Leaders must rely on their problem-solving skills
The barn is the hub of activity for any farm. I spent my share of time there playing with the cats. Twice a day at milking time they all gathered around the feet of the cows and begged for some milk, which they always got. The young ones soon learned to sit although impatiently until I directed a spray of warm milk into their waiting mouths. Sometimes the stream was so strong it rolled them. They soon regained their feet for a second spray.
About mid spring, I noticed when the mother cat stopped coming to her daily feeding of fresh milk. I knew a nest of soft, helpless kittens waiting for my cuddle were hidden somewhere in the barn. Each year the location was different but I always found them. This time, I looked in all of the usual places with no luck. I decided to sit quietly in the barn loft to locate the birthplace.
Five minutes passed and the silence flowed while dust danced through a stream of light. Ten minutes click by and still not a sound can be heard other than a distant cow bellowing her displeasure of the presence of my dog, Lucky. Fifteen minutes and I was almost ready to seek another likely nest spot when I hear a faint meow. I cocked my ear toward the sound and another stronger meow followed directing me to a tunnel under a stack of hay bales. My younger brother, Jack, and I had made these tunnels while playing army in the middle of the winter. The mother cat adopted a tunnel as a perfect birthplace for her litter.
I counted the kittens and noted their coloring. Their eyes are not even open yet. I ran to the house to announce the new litter to Jack, Mom, Sylvia, and Grandmother. They acknowledged my find with interest but Jack was the most excited. He followed me with a gallop through the barn, up the stairs, and back to the nest site. Now, the mother cat was with her kittens. Her first instinct was to growl a warning at me but after a couple of smells of my finger recognized me as the giver of milk and welcomed a rub or two down her back.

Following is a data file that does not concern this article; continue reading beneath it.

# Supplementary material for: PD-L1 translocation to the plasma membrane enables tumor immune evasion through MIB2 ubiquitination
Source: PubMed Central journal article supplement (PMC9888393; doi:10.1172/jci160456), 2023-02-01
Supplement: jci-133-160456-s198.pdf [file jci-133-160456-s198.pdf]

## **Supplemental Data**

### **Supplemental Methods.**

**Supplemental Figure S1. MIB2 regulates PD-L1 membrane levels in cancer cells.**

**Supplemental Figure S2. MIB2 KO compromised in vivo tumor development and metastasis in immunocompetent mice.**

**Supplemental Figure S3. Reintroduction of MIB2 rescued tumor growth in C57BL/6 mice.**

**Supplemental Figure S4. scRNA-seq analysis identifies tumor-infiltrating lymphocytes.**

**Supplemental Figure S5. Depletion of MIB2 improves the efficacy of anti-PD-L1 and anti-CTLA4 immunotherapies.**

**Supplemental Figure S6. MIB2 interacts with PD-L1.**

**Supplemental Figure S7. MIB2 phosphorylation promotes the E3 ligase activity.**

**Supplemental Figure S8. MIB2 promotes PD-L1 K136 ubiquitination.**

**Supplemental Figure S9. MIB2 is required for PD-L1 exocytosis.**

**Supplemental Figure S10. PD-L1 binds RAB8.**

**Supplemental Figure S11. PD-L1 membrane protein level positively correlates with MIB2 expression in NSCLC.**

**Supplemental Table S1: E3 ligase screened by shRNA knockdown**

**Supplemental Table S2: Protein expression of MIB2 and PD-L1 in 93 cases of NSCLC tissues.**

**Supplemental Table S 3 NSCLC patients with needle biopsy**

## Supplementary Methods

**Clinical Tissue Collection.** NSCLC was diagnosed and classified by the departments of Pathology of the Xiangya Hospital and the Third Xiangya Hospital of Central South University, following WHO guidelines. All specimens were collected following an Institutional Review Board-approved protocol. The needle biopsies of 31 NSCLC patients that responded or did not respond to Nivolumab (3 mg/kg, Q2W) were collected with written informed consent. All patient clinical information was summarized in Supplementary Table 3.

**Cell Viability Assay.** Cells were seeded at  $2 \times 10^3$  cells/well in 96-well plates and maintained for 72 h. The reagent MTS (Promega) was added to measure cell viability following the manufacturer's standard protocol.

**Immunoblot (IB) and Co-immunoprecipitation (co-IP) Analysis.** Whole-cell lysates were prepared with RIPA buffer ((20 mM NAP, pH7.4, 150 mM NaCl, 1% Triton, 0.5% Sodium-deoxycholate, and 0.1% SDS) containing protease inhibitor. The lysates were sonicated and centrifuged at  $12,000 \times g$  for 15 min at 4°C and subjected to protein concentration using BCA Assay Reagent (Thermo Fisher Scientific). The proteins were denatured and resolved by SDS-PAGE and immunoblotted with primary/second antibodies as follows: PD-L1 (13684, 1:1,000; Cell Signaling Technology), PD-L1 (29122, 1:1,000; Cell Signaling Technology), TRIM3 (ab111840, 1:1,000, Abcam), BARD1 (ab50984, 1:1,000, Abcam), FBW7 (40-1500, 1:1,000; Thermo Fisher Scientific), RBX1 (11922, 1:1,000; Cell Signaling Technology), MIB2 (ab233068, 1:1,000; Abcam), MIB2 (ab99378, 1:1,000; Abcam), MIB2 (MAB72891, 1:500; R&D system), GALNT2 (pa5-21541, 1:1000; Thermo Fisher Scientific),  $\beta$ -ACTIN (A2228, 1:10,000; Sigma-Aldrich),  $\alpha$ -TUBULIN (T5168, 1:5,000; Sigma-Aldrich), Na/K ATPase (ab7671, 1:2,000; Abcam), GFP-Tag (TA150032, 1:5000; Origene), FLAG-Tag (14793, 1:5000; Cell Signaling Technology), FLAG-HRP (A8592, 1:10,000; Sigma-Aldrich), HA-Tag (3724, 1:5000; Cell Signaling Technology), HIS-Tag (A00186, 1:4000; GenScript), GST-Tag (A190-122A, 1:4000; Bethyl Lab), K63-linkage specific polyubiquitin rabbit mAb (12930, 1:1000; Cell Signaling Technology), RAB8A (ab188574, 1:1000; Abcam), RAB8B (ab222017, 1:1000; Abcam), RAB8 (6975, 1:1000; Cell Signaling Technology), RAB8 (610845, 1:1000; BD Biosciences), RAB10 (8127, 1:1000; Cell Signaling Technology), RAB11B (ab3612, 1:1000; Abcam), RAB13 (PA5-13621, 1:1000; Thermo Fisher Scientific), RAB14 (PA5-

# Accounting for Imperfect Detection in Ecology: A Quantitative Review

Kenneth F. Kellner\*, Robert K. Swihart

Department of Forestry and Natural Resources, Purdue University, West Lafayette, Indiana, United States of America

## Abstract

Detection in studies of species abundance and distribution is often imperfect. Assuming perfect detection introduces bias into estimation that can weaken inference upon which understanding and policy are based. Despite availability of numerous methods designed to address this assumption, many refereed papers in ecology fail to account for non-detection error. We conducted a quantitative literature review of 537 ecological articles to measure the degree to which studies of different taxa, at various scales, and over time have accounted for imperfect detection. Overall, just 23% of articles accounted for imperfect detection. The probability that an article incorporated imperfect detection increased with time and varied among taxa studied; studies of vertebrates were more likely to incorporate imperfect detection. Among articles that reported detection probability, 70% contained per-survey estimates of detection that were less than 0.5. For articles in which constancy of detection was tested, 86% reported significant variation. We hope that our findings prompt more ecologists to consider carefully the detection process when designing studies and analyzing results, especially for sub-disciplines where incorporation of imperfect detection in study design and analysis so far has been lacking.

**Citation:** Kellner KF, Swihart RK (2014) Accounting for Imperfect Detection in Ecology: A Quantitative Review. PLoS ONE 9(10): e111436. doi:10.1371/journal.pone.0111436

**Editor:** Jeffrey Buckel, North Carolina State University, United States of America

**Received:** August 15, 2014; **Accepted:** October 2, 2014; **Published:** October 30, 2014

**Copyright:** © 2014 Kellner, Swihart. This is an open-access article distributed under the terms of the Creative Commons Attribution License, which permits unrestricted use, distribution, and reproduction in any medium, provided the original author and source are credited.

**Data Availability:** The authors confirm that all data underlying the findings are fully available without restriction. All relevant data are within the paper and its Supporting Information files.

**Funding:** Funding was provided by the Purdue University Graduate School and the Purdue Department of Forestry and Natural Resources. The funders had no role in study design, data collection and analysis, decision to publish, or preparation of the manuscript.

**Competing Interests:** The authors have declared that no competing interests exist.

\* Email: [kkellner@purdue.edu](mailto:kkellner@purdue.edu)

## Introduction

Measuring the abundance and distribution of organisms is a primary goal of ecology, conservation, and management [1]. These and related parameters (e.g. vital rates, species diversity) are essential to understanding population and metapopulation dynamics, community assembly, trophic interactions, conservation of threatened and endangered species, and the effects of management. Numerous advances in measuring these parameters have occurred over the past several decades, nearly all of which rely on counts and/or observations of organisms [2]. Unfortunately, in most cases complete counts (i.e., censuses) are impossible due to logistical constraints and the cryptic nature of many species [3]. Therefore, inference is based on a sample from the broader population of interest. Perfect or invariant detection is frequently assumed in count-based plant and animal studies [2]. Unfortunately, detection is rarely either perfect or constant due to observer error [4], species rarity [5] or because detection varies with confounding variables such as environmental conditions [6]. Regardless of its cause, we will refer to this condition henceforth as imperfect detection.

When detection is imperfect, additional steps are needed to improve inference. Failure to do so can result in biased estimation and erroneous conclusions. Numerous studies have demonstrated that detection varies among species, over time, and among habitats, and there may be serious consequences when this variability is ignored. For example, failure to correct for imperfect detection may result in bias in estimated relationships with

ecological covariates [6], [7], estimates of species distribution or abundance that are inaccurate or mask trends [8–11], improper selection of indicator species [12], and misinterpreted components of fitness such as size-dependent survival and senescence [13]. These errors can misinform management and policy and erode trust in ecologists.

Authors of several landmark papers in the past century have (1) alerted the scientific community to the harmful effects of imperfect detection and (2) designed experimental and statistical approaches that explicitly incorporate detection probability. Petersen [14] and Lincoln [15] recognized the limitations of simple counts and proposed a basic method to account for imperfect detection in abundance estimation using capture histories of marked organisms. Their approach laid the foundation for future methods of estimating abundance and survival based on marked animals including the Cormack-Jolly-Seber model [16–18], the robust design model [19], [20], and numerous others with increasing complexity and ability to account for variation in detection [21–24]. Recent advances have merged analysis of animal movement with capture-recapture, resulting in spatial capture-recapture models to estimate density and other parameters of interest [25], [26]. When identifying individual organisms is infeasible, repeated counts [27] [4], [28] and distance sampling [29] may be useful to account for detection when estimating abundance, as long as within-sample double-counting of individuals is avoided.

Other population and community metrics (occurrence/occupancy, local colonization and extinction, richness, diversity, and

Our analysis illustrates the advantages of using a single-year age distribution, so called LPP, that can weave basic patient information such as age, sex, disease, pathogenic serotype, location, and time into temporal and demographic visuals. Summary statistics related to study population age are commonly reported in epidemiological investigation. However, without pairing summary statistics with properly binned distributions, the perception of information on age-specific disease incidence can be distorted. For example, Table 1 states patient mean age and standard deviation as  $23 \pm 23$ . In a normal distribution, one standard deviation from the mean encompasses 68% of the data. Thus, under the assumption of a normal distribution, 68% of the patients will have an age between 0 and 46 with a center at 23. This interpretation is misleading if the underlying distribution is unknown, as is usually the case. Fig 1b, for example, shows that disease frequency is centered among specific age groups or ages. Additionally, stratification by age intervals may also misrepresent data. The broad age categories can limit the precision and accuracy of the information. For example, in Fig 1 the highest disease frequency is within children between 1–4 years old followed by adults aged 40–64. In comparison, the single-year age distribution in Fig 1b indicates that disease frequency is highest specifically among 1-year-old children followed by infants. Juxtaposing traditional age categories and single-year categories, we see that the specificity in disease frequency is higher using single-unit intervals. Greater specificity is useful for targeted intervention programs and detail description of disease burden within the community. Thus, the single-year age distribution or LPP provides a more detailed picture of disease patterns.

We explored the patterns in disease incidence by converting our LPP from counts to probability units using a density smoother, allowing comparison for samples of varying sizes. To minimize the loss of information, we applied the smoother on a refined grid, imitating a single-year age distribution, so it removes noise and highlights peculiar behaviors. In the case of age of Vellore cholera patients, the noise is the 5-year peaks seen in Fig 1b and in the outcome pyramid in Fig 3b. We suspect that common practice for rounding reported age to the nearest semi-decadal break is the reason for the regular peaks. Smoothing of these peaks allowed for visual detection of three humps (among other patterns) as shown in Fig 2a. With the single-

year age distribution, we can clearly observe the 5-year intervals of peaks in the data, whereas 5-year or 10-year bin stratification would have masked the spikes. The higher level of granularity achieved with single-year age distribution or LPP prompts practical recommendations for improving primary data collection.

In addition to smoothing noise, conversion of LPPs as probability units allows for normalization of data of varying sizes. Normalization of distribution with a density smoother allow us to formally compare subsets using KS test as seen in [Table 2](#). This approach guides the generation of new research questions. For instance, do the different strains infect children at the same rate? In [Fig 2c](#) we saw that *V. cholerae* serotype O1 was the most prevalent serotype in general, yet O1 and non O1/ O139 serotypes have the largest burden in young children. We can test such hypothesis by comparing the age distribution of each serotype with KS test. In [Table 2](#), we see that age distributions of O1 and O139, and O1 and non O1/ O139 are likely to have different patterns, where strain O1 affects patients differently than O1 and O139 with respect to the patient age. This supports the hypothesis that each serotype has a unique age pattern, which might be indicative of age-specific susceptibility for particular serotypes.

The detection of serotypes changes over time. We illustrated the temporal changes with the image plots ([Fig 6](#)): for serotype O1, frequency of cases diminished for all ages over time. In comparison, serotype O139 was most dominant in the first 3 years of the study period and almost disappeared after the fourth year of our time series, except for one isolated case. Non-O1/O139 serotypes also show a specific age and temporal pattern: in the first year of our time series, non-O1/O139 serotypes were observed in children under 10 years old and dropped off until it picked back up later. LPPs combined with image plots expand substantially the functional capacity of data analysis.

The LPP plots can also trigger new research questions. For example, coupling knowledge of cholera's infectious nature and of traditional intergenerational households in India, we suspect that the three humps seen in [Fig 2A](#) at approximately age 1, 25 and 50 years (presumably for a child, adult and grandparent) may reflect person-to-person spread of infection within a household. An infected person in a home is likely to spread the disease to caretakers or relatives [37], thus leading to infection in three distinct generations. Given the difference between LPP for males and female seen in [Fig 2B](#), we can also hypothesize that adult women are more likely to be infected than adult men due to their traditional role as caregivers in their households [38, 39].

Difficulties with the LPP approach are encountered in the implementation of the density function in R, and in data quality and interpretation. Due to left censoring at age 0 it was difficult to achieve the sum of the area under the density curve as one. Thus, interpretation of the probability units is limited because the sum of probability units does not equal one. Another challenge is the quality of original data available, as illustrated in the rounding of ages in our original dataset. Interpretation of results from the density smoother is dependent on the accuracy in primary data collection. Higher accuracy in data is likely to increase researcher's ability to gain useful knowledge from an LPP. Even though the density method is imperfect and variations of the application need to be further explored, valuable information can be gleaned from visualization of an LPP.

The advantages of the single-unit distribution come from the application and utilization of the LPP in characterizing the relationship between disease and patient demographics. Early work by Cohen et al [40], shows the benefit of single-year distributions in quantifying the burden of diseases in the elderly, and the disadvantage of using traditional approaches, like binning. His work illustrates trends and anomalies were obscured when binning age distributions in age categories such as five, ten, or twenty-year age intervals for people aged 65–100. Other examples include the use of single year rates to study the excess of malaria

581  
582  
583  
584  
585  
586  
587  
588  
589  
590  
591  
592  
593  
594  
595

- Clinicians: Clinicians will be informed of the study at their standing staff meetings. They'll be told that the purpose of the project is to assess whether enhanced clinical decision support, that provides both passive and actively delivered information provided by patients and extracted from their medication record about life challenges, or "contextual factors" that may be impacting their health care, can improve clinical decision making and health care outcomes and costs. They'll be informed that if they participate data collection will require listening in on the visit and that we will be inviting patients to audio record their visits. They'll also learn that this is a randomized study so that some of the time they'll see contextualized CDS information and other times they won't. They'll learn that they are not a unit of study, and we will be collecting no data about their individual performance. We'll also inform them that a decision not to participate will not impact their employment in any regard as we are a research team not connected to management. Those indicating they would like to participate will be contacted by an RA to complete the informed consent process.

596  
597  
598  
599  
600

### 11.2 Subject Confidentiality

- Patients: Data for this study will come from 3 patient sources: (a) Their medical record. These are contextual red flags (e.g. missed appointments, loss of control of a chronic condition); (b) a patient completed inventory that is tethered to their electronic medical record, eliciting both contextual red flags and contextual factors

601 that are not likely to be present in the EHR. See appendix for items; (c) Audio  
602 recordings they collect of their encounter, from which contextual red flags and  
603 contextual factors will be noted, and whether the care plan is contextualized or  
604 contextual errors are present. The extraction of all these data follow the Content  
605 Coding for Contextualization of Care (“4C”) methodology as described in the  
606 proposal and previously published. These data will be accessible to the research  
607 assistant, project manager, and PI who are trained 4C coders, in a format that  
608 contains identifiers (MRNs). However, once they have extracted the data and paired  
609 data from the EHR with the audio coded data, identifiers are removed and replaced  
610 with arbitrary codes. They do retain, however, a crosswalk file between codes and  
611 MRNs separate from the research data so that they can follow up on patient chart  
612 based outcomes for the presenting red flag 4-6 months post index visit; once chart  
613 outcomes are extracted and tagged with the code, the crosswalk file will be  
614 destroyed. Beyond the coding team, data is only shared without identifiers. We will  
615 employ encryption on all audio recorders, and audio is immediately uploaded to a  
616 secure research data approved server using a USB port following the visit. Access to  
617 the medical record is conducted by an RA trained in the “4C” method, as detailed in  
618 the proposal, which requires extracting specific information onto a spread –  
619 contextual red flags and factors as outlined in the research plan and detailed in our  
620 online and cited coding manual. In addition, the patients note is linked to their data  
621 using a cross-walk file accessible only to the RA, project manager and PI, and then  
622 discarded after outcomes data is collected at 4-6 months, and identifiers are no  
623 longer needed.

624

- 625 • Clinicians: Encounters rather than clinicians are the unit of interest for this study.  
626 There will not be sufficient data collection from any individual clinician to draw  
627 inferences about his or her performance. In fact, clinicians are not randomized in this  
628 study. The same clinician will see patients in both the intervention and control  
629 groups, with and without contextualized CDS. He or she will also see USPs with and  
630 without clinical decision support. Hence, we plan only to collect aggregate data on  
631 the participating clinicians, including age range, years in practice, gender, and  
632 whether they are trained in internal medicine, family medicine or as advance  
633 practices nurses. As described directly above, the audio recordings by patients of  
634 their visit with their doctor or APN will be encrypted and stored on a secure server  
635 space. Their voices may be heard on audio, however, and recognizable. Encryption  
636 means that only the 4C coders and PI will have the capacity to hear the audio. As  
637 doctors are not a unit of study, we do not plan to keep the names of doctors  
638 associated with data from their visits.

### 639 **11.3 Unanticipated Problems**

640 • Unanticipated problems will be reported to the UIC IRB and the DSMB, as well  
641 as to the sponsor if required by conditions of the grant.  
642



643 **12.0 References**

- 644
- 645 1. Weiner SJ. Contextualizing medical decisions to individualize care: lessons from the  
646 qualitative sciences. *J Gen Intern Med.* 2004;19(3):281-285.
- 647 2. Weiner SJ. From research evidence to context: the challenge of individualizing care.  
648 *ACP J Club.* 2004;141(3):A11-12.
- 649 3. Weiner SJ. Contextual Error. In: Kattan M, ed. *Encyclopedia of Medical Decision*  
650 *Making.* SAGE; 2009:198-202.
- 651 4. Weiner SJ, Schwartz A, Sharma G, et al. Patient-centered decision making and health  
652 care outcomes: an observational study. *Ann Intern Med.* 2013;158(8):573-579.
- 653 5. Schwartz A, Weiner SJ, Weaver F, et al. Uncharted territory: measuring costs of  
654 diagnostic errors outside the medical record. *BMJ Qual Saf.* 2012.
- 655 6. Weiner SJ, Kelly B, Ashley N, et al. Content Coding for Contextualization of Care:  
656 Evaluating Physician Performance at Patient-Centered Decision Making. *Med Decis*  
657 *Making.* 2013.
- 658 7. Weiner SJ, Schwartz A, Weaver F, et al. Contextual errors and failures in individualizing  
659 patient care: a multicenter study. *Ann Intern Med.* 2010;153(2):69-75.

Those were golden days when my most pressing priority was a new litter of kittens. Yet, even then, I had a problem-solving plan to break the case of the missing litter. First, I reviewed my experience with this problem and looked in every place the cat had chosen in past years. When that approach bore no fruit, I brainstormed all the possible places a litter could be. I prioritized the possibilities and chose the barn loft. Then, I put the nest identification plan in place, 15 minutes of almost breathless silence.
One of the most important responsibilities of leaders is problem solving. I think the process I used to find kittens can be helpful for leaders. First, review past experience with the problem and research appropriate data. With relevant data, brainstorm options, prioritize the best options, and devise a test of the best option. You may have to test several options, but this systematic approach to problem solving can save time and avoid knee-jerk reactions.
R. Glenn Ray, Ph.D., is the president of RayCom Learning. To learn more about Ray’s completely revised, third printing of The Facilitative Leader: Behaviors that Enable Success, visit his Web site, www.raycomlearning.com or call him at 740-629-4536. Everyday Leadership appears each Wednesday on the Business page.